Early Medieval European Archaeology
- Course Code
- HARC 0340
- Course Type
- Subject Credit
- Course Availability
The period between the 4th and 7th centuries AD saw the transformation of the old Roman Empire into a new world occupied by different ‘peoples’ – Angles, Saxons, Franks and Visigoths, to name a few examples – arriving in western Europe from the Black Sea region and northern Germanic world as the result of large-scale migrations. The customs of these ‘barbarians’ were frequently described in some detail in late Roman historical sources. Up until the middle decades of the twentieth century, early medieval archaeology was largely concerned with seeking to identify these ethnic groups – often seen as the forerunners of medieval nation-states – in the archaeological record, although in more recent years theoretical approaches to this period have been revolutionised. This course critically examines the available evidence, analysing the relationship between material culture and ethnicity, and questioning to what extent this period really did represent the beginnings of medieval Europe.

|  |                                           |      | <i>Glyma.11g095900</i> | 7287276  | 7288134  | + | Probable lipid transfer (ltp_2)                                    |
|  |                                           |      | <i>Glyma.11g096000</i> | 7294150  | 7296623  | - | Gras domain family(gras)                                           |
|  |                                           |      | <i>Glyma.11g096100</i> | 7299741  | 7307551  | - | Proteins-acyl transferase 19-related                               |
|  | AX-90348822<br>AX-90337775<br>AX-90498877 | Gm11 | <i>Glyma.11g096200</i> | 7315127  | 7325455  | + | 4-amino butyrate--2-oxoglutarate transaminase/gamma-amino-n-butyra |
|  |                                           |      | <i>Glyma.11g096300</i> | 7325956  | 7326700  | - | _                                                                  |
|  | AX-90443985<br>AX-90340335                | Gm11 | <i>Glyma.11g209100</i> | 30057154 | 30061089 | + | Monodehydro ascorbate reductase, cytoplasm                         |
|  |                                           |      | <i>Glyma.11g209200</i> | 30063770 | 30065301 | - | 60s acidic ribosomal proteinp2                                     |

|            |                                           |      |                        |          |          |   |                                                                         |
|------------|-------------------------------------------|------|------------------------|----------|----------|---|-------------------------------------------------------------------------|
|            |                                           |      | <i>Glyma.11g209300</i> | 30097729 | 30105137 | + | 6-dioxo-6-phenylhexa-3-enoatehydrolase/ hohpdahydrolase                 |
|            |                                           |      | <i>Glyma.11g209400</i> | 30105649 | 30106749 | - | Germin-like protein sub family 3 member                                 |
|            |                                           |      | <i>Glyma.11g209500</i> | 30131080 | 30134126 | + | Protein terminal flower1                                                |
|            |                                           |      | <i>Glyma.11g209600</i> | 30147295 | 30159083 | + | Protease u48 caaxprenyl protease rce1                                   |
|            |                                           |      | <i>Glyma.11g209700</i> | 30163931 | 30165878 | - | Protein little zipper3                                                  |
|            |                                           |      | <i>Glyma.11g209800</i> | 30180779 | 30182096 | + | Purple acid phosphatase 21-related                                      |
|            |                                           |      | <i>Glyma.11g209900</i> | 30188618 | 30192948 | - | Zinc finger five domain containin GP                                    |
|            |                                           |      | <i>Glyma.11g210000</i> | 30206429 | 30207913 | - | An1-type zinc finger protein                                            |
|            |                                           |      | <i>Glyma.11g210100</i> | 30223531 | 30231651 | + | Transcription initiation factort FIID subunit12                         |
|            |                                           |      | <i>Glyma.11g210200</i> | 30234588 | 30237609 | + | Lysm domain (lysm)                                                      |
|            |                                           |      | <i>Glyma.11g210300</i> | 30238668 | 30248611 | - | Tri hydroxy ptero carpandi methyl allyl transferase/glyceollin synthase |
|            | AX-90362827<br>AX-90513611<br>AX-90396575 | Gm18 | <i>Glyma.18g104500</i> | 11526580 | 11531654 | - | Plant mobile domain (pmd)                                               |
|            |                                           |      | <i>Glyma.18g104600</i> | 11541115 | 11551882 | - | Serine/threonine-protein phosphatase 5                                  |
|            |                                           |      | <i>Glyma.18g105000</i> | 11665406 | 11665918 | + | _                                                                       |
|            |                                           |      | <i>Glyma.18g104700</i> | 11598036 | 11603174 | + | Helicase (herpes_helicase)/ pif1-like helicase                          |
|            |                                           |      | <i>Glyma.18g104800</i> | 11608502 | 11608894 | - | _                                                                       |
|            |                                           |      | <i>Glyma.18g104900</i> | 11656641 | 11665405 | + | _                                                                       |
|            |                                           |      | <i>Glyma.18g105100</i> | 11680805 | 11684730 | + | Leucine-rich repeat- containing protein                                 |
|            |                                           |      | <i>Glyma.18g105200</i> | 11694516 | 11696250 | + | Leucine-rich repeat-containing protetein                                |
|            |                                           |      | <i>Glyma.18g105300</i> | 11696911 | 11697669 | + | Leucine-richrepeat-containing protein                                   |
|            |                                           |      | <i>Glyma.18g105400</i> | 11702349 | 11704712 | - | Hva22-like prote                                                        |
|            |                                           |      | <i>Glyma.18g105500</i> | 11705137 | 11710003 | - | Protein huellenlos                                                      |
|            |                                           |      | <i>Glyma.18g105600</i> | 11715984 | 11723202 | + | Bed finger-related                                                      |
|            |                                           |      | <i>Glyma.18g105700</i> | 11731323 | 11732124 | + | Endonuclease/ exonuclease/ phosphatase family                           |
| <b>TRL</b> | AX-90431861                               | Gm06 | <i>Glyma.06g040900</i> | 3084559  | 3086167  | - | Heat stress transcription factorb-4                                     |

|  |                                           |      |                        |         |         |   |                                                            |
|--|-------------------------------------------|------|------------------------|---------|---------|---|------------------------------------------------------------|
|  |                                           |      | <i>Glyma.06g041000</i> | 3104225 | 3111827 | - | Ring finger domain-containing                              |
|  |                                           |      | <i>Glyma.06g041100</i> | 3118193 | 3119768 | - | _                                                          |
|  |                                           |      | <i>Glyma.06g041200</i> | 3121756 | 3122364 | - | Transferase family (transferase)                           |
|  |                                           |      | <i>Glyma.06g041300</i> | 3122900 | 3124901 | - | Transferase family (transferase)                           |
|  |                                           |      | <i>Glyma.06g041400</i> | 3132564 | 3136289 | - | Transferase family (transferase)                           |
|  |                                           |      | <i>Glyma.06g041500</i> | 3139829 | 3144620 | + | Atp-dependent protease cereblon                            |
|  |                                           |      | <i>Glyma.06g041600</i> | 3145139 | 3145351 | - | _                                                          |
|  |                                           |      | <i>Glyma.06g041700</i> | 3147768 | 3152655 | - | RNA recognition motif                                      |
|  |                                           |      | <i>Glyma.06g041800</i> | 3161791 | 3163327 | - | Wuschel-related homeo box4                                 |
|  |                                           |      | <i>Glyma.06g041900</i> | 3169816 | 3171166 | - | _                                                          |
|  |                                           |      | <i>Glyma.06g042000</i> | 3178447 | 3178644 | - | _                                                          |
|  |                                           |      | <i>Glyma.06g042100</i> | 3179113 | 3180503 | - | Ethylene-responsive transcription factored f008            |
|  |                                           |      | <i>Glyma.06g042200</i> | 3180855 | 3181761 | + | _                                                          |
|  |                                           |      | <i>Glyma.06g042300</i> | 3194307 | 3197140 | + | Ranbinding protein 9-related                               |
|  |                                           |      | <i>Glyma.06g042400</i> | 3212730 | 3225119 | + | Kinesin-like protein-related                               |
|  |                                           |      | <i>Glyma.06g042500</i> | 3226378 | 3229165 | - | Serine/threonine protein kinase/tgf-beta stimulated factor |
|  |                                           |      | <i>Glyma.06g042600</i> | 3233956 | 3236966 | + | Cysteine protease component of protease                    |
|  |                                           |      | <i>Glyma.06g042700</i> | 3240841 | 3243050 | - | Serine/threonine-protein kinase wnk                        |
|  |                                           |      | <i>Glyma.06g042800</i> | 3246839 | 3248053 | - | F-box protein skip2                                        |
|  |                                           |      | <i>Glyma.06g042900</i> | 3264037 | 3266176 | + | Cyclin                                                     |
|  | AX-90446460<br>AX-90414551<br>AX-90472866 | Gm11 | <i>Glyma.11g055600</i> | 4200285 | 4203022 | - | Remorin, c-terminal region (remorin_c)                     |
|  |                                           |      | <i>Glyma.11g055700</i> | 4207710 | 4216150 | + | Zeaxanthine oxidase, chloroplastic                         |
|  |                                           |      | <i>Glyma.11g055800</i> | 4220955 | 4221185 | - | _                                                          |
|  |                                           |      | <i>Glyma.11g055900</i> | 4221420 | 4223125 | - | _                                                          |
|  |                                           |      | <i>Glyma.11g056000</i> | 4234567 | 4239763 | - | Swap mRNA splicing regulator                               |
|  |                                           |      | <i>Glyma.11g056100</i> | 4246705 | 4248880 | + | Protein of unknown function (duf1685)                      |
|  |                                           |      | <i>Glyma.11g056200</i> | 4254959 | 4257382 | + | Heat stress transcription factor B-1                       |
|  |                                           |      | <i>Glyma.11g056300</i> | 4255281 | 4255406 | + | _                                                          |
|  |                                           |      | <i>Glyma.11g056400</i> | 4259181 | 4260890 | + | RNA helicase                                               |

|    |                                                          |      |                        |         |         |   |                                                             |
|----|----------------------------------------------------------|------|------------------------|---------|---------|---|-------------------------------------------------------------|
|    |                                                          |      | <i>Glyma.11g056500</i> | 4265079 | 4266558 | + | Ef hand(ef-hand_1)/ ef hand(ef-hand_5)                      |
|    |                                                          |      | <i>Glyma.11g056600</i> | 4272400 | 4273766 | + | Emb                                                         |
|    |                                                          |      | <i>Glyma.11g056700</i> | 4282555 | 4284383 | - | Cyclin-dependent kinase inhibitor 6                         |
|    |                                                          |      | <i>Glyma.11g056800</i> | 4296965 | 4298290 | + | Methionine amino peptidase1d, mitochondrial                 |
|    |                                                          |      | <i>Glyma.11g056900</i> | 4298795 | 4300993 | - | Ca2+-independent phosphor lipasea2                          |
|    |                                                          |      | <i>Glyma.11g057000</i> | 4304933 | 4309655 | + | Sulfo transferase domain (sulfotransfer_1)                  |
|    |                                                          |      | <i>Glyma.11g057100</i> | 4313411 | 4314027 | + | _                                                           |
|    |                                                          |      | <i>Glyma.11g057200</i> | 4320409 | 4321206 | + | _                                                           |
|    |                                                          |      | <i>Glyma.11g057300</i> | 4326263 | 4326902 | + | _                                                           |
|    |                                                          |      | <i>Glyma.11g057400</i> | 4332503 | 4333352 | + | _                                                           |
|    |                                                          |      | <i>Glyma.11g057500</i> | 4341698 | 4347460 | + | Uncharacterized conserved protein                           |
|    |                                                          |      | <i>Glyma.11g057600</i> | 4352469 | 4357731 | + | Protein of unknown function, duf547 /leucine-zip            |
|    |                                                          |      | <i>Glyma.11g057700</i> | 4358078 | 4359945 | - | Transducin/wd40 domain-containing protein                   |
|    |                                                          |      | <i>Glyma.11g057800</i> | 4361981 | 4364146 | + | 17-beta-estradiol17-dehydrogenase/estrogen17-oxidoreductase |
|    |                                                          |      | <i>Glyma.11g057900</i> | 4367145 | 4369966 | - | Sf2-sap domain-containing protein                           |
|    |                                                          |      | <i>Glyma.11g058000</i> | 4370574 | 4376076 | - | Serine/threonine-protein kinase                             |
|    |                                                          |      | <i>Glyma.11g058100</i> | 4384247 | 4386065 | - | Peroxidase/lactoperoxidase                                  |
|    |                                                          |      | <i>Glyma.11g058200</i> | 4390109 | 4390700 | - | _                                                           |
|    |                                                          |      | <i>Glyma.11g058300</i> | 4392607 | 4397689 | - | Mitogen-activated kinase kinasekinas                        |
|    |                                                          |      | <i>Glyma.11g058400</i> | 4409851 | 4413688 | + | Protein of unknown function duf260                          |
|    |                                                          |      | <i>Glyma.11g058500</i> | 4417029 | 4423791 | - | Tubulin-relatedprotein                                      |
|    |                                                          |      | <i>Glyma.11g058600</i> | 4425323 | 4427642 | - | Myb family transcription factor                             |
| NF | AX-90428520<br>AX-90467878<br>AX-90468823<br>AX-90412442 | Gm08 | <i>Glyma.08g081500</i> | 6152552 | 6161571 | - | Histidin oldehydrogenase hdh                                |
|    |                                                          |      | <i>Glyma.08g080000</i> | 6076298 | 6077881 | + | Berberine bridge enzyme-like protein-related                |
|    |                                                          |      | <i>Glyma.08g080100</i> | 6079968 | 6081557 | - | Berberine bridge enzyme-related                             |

Key sites may include the burial ground of Sutton Hoo in East Anglia, the migration-period cemeteries in Kent, the Anglo-Saxon settlements at Mucking or West Stow, Helgö in Sweden, or the settlement of Vorbasse in Denmark. In Oxford the Ashmolean Museum has some relevant collections, and the Staffordshire Hoard gallery in Birmingham is about an hour away by train. The British Museum in London also has relevant material.
Annaert, R. 2012. The very beginning of Europe? Cultural and social dimensions of early-medieval migration and colonisation (5th-8th century): archaeology in contemporary Europe. Flanders Heritage Agency.
Geary, P. 2002. The Myth of Nations: the medieval origins of Europe. Princeton University Press.
Halsall, G. 2007. Barbarian Migrations and the Roman West, 376-568. Cambridge University Press.
Hamerow, H. 2004. Early Medieval Settlements: the archaeology of rural communities in north-west Europe 400-900. Oxford University Press.
Hamerow, H., Hinton, D. and Crawford, S. 2011. The Oxford Handbook of Anglo-Saxon Archaeology. Oxford University Press.
Moreland, J., 2000. ‘Ethnicity, power and the English’, in B. Frazer and A. Tyrell (eds), Social Identity in Early Medieval Britain and Ireland, 23-51. Leicester University Press.
Nicolay, J. A. W. 2014. The Splendour of Power. Barkhuis.
Wickham, C. 2005. Framing the early Middle Ages: Europe and the Mediterranean, 400-800. Oxford University Press